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A Psychological Counter-Current in Recent Fiction by William Dean Howells
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by William Dean Howells

It is consoling as often as dismaying to find in what seems a
cataclysmal tide of a certain direction a strong drift to the
opposite quarter. It is so divinable, if not so perceptible,
that its presence may usually be recognized as a beginning of the
turn in every tide which is sure, sooner or later, to come. In
reform, it is the menace of reaction; in reaction, it is the
promise of reform; we may take heart as we must lose heart from
it. A few years ago, when a movement which carried fiction to
the highest place in literature was apparently of such onward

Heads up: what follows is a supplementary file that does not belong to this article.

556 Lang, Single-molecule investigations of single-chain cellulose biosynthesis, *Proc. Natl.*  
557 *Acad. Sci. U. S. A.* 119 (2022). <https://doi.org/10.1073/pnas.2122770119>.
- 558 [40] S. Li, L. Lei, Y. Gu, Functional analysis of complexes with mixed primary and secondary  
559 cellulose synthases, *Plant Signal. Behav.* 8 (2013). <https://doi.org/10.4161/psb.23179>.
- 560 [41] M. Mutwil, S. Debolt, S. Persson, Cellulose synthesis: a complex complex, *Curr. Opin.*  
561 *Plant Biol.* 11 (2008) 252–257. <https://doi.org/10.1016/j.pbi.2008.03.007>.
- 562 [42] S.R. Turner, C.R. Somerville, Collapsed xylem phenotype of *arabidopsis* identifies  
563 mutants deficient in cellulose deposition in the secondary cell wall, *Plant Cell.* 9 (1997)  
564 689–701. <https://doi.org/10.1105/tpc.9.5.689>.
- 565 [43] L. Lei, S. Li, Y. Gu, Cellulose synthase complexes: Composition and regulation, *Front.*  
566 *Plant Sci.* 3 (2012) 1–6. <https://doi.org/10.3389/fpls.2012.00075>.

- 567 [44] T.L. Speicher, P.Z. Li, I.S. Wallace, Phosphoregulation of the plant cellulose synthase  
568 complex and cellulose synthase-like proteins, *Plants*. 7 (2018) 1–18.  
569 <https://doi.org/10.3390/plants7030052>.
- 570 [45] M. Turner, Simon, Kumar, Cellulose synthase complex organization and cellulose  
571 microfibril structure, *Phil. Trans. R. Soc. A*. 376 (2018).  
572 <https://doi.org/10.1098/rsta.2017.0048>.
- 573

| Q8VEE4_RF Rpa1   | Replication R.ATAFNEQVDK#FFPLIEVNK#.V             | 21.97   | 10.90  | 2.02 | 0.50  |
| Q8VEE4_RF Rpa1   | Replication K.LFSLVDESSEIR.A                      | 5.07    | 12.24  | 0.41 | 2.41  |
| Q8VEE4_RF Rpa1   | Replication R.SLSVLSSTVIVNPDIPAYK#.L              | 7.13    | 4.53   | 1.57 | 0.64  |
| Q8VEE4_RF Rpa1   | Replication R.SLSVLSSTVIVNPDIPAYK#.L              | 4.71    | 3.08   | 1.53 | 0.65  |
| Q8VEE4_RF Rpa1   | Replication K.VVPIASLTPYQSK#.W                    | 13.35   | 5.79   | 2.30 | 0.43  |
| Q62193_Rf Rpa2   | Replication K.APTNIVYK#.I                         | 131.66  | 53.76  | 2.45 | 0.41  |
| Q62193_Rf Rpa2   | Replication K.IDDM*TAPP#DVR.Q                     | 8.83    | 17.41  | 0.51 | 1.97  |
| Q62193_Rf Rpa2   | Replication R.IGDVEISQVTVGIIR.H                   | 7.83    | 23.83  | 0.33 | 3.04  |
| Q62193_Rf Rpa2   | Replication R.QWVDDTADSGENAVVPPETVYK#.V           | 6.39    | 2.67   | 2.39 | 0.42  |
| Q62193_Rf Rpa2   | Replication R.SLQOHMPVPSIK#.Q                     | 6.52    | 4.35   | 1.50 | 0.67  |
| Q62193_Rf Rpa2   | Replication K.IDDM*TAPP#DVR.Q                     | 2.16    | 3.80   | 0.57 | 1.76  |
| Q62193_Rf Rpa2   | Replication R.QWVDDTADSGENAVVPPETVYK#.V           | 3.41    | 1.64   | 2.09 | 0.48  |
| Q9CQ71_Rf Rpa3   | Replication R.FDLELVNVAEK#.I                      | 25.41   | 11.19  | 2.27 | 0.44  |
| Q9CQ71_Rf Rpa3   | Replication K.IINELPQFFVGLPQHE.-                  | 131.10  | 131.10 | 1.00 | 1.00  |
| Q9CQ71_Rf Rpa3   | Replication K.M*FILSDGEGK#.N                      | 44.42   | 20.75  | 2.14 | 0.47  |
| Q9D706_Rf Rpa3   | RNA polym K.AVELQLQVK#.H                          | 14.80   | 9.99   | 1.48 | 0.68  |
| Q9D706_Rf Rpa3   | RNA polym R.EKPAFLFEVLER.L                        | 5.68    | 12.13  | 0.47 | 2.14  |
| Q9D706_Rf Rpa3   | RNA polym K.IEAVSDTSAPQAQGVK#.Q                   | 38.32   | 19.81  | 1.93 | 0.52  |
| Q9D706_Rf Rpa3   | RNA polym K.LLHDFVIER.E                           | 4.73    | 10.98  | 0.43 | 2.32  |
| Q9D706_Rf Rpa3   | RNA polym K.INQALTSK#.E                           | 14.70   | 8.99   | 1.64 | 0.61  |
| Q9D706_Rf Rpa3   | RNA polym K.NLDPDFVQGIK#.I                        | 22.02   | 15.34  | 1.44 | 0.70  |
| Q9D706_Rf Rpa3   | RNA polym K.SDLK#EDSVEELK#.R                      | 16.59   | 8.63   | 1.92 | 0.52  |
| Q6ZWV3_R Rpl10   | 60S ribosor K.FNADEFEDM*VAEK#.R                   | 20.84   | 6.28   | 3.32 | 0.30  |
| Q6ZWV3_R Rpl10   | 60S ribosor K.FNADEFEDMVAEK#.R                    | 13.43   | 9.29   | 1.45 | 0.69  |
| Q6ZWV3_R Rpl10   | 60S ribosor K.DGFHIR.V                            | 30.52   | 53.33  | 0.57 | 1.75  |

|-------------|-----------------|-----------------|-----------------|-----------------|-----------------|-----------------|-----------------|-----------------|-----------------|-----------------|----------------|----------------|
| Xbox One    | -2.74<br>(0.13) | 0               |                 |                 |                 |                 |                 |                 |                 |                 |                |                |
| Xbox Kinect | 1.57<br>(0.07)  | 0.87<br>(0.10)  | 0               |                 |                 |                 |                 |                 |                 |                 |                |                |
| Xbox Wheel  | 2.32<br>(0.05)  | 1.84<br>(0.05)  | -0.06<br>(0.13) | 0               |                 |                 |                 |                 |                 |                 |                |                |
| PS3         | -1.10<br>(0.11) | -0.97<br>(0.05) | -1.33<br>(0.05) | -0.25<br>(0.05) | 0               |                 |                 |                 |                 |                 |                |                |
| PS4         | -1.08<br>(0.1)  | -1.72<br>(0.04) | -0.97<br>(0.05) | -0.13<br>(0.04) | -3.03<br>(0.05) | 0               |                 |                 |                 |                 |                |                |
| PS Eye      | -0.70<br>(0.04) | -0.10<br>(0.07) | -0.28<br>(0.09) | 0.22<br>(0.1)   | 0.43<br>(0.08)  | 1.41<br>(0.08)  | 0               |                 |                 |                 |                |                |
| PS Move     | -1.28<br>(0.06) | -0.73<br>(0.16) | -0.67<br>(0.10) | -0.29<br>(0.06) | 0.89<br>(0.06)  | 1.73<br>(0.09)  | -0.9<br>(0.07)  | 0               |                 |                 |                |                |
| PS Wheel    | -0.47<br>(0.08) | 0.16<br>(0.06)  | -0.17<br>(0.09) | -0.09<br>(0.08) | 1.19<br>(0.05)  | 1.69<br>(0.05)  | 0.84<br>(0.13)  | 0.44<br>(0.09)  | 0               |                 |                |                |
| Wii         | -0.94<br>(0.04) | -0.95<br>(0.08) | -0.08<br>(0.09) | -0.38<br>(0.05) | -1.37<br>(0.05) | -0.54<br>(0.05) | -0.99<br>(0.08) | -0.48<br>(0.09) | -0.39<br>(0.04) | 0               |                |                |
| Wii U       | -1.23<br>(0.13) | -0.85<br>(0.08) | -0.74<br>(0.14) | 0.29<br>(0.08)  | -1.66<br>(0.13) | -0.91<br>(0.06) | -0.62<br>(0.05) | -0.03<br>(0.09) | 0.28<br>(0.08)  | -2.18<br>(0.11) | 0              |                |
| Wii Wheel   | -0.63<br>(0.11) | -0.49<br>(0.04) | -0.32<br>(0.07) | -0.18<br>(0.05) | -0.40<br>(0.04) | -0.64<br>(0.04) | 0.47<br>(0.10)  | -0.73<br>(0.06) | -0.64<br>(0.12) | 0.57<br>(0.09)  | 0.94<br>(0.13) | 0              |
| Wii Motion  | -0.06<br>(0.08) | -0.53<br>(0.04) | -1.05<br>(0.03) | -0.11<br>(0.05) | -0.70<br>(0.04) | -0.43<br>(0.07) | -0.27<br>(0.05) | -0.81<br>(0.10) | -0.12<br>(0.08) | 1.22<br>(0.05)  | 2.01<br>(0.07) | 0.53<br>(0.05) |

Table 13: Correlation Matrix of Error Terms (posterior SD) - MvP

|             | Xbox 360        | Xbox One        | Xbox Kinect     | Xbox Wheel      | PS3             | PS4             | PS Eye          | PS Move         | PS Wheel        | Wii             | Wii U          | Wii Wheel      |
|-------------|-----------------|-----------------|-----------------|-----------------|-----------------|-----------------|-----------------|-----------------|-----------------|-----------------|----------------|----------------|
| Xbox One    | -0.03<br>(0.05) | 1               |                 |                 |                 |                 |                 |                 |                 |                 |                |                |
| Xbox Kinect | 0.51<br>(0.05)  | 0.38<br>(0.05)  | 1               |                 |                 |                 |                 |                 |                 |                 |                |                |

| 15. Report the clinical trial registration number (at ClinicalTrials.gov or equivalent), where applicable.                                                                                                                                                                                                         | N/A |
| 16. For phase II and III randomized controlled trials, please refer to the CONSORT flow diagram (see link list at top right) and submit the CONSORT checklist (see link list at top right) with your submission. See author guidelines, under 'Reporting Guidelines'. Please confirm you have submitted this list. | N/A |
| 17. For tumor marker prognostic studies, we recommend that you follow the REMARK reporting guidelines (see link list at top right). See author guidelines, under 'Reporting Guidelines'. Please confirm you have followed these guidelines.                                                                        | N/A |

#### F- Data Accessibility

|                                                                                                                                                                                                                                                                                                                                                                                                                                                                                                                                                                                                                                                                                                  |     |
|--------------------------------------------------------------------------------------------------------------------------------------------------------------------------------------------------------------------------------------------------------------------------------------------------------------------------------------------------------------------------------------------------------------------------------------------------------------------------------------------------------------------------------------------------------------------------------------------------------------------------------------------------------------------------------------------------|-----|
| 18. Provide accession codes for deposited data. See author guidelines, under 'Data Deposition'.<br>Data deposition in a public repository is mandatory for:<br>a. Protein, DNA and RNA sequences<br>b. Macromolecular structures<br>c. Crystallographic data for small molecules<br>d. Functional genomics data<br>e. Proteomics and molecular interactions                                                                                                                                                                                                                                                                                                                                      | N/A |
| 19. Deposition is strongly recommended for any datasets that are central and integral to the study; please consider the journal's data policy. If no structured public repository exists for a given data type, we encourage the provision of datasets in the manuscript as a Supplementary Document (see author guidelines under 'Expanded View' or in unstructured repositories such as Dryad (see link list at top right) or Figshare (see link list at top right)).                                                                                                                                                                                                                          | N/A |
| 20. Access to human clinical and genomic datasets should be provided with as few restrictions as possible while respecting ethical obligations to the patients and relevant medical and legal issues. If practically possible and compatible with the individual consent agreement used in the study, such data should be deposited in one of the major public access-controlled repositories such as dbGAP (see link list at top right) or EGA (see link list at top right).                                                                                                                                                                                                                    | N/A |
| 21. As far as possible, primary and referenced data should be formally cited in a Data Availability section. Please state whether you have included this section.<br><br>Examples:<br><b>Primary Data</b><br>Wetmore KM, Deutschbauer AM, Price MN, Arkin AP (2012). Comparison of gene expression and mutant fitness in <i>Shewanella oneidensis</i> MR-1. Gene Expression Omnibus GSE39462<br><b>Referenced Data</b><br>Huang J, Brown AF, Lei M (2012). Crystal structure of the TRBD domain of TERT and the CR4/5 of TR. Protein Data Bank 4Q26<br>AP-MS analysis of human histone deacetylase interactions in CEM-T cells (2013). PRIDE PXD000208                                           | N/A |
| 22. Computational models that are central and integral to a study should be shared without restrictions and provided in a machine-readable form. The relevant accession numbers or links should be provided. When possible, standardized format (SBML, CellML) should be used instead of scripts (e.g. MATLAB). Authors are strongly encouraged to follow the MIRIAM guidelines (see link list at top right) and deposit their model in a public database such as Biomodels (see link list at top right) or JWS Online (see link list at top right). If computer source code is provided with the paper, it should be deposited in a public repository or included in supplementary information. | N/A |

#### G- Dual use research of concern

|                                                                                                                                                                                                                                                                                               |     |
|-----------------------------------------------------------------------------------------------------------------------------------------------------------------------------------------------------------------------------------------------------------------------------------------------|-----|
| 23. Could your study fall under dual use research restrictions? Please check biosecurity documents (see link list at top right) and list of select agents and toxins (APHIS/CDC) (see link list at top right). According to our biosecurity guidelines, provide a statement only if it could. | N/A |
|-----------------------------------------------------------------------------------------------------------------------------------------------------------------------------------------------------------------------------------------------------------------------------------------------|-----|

and upward sweep that there could be no return or descent, there
was a counter-current in it which stayed it at last, and pulled
it back to that lamentable level where fiction is now sunk, and
the word "novel" is again the synonym of all that is morally
false and mentally despicable. Yet that this, too, is partly
apparent, I think can be shown from some phases of actual
fiction which happen to be its very latest phases, and which are
of a significance as hopeful as it is interesting. Quite as
surely as romanticism lurked at the heart of realism, something
that we may call "psychologism" has been present in the
romanticism of the last four or five years, and has now begun to
evolve itself in examples which it is the pleasure as well as the
duty of criticism to deal with.

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